Whether it’s an increasing phenomenon or we’re just more aware of it, addictive social media and internet behavior is becoming more prevalent. To such an extent that internet addiction treatment camps are commonplace in China. According to psychiatrist and neuroscience researcher Sean Luo of Columbia University “3.7 to 13 percent of U.S. and 10 percent of South Korean Internet users express some symptoms of inappropriate Internet use.”(http://www.cbsnews.com/news/how-real-a-risk-is-social-media-addiction/)
Last week it was reported that doctors in the USA submitted a man into the US Navy’s substance abuse programme, because he was apparently addicted to Google Glass. He wore the headset for up to 18 hours a day and when it was removed, experienced serious withdrawal symptoms. Even when he was not wearing it, he attempted to tap his right temple, which is where the device is activated. He was diagnosed with internet addiction disorder (IAD).
This isn’t a new phenomenon. In 1996, shortly after internet became part of our lives, internet addiction was already recognised as a possible psychiatric disorder. Even though it’s not officially listed in the latest DSM manual (Diagnostic and Statistical Manual of Mental Disorders), used by psychiatrists, it has been argued that it should be. Psychiatrists also prefer the term Problematic Internet Use (PUI), avoiding the use of the word addiction. PUI refers to excessive computer use interfering with daily life.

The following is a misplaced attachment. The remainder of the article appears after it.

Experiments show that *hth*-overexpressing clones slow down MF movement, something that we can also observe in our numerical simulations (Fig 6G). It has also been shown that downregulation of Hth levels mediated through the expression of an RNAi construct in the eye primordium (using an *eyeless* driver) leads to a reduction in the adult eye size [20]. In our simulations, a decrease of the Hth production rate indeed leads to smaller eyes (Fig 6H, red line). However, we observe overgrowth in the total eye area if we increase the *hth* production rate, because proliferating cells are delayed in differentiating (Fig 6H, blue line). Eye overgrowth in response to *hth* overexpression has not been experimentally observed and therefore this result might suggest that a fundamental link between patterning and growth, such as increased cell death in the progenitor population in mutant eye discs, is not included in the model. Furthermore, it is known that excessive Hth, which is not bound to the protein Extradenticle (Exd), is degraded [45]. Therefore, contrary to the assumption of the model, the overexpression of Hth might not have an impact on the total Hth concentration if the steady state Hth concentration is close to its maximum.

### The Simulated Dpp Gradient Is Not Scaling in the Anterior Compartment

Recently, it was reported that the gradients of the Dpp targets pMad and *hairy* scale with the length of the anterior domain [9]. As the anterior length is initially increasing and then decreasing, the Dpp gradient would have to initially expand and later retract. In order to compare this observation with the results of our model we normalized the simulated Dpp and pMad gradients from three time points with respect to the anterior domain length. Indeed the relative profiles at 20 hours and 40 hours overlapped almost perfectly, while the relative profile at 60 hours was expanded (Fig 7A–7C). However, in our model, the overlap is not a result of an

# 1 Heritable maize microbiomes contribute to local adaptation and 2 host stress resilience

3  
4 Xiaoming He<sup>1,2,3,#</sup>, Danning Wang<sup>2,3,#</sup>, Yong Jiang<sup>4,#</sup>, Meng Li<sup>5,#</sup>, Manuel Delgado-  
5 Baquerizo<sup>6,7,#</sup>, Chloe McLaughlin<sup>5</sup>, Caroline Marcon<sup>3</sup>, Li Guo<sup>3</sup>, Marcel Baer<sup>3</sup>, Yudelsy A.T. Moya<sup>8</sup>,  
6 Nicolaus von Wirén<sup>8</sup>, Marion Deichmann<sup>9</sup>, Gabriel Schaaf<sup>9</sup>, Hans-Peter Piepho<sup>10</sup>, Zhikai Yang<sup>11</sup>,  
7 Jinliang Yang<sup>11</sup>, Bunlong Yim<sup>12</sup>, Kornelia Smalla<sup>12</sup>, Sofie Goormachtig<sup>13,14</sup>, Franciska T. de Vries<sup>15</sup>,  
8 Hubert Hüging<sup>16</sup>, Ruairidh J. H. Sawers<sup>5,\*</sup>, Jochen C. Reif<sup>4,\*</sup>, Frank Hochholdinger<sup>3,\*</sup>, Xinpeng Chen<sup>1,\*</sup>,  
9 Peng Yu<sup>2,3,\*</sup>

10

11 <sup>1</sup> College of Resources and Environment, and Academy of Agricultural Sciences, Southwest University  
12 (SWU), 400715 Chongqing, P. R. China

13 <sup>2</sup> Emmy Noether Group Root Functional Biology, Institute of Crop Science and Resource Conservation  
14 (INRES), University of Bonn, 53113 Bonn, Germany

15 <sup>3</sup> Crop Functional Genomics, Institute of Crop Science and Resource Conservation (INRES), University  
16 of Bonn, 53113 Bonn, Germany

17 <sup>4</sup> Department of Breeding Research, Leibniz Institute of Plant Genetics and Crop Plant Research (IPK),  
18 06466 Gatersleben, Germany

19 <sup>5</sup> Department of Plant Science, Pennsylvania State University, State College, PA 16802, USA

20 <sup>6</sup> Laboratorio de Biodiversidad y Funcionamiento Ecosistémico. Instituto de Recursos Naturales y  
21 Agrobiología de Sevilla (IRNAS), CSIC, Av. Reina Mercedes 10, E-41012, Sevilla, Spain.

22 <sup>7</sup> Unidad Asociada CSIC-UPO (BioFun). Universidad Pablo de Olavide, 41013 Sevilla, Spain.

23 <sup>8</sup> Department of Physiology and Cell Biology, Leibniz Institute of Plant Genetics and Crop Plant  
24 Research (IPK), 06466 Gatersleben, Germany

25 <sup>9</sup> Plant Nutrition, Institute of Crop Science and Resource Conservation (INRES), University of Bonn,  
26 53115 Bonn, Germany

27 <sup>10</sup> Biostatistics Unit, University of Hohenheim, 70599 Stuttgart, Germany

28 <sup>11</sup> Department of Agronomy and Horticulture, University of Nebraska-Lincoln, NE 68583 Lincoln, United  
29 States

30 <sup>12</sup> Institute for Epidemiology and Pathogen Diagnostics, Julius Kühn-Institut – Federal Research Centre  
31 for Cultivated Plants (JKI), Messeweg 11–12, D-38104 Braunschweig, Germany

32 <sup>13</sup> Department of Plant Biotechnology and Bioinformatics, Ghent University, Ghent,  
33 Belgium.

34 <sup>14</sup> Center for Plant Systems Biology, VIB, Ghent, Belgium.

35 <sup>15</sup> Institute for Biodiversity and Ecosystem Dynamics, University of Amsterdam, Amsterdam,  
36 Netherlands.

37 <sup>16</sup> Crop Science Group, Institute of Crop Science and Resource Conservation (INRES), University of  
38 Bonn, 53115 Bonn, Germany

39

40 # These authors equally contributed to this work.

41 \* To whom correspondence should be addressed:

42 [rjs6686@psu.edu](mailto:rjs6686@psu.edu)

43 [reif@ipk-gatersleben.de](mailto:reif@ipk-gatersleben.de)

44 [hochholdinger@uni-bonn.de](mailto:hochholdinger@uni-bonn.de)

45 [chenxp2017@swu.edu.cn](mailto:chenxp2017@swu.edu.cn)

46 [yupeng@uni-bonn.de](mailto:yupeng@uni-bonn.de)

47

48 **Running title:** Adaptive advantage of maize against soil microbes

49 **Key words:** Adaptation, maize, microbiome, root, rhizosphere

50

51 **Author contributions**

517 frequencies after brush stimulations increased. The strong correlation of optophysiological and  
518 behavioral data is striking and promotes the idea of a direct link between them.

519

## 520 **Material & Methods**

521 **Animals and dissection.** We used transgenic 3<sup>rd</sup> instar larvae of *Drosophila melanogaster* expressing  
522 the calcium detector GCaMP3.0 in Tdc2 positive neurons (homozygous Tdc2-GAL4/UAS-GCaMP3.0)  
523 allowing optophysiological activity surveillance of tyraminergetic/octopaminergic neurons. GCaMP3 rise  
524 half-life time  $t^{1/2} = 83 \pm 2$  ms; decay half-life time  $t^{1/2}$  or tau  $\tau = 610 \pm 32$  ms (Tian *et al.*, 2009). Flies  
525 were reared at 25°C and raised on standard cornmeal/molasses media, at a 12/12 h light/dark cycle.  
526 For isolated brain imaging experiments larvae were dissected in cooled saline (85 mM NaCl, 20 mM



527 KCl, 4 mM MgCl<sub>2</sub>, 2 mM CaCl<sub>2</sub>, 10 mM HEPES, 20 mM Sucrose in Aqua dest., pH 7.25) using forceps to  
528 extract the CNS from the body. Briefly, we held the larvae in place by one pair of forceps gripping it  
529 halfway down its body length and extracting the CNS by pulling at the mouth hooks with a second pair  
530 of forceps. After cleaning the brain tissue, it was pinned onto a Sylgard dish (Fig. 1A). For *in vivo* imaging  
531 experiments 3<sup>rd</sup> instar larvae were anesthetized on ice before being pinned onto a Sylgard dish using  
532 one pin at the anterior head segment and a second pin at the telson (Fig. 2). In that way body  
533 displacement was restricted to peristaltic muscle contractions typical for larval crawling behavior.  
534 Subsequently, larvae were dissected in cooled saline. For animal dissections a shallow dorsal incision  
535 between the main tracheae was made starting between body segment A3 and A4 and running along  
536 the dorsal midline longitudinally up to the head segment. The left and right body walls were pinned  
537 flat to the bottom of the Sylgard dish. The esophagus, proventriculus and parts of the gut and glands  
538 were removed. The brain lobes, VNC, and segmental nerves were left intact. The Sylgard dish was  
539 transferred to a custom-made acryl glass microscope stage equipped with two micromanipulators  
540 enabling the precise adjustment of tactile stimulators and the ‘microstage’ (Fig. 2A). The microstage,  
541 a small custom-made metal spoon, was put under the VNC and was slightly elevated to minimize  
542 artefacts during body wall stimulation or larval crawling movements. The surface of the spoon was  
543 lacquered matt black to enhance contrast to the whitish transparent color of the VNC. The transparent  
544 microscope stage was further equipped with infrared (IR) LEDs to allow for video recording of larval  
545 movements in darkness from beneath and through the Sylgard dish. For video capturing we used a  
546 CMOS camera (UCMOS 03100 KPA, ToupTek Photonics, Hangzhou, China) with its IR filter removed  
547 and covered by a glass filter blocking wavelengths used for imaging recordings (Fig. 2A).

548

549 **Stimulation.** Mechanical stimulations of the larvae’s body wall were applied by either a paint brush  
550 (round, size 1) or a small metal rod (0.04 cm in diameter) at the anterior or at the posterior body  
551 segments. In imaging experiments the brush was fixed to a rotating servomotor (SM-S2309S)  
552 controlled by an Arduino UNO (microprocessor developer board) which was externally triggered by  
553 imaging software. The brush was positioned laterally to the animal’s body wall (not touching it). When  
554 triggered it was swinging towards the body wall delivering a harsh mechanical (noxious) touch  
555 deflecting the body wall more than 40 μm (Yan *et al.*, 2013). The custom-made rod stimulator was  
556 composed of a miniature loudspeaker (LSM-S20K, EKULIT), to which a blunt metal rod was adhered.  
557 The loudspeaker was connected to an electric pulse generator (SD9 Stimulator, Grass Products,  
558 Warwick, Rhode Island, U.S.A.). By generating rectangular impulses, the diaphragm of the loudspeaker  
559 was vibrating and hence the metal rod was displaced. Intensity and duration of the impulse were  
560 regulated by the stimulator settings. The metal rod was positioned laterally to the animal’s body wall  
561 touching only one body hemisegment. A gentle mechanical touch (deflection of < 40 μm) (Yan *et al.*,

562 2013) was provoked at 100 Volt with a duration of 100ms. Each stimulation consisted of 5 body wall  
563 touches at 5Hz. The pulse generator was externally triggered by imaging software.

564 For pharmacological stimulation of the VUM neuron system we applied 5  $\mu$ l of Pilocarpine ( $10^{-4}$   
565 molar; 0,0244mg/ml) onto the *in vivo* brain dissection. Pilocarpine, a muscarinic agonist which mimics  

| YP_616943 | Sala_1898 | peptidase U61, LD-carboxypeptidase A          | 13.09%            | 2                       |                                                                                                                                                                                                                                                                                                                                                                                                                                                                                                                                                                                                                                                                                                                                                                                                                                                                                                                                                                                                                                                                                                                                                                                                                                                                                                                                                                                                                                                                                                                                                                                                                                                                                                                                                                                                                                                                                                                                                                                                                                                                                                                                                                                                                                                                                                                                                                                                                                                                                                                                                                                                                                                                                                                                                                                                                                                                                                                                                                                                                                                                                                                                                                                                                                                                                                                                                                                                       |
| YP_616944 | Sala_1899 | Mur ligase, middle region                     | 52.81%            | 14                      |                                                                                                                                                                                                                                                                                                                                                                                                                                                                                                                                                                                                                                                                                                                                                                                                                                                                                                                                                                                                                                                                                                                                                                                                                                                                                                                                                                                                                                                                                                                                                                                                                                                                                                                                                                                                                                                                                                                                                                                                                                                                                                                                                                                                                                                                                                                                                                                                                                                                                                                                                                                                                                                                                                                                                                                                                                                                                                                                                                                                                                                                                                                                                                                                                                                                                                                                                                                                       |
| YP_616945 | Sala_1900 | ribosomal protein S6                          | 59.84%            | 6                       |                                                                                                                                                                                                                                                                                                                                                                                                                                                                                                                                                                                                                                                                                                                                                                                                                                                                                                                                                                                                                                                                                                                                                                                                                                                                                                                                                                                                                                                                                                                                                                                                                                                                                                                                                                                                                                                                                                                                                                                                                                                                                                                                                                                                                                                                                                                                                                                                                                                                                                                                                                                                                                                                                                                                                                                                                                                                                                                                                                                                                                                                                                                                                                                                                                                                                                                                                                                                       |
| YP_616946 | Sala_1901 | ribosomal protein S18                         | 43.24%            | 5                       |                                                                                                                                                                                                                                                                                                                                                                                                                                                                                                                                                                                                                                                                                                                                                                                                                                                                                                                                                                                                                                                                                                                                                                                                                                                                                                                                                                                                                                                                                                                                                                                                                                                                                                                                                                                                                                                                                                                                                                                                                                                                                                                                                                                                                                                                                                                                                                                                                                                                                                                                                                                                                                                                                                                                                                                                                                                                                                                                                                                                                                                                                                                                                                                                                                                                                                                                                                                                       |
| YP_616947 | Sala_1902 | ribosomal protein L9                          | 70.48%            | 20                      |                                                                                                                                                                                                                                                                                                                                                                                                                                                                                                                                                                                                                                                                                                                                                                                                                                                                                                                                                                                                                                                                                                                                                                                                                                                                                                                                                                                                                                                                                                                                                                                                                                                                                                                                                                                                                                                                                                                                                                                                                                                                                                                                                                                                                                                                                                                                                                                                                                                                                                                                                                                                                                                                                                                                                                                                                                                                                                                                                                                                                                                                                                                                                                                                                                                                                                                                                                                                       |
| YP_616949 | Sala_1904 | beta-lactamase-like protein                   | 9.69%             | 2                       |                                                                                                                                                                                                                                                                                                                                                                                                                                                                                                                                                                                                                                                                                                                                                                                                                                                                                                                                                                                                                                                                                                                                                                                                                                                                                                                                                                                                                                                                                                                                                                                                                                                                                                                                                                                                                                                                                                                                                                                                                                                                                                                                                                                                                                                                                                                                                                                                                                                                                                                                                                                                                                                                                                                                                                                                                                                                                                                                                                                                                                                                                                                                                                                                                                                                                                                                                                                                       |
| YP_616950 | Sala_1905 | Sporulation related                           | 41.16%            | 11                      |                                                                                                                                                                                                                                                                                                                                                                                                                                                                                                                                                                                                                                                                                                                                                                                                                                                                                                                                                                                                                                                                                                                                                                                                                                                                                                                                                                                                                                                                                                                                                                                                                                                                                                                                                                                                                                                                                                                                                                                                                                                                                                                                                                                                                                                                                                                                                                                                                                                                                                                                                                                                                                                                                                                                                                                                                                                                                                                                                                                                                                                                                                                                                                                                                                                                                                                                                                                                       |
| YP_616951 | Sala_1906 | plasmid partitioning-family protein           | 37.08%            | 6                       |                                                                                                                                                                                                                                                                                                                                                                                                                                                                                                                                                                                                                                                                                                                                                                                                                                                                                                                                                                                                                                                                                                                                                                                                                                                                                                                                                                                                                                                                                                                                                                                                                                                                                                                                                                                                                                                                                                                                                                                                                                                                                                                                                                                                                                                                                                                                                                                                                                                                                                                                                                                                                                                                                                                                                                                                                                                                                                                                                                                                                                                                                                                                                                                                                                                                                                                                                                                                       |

The diagnosis of internet addiction isn’t an easy one as it’s not the medium someone becomes addicted to, but rather the available online content. The internet is merely the platform. It has also been observed that IAD could be a symptom of another underlying disorder, instead of a disorder on it’s own. Many other related addictions can fall under the general term IAD, for example a gambling addiction, addiction to cyber relationships, online shopping, etc. (more detail on IAD can be found on www.wikipedia.org)
Would you be able to disconnect, even if only for a day? How about trying survive this weekend without Facebook, Twitter or e-mail to start? Imagine how much more time you might have on your hands …
In 2013 Paul Miller, an American Technology Journalist from Springfield, Missouri and senior editor for The Verge decided to disconnect from the hyper-connected world in an attempt to ‘find himself’ and become more productive. He abandoned the internet and disconnected from all Social Media, returning to a life before the net, apps and smartphones. Watch the video below to see what he learnt from the experience.
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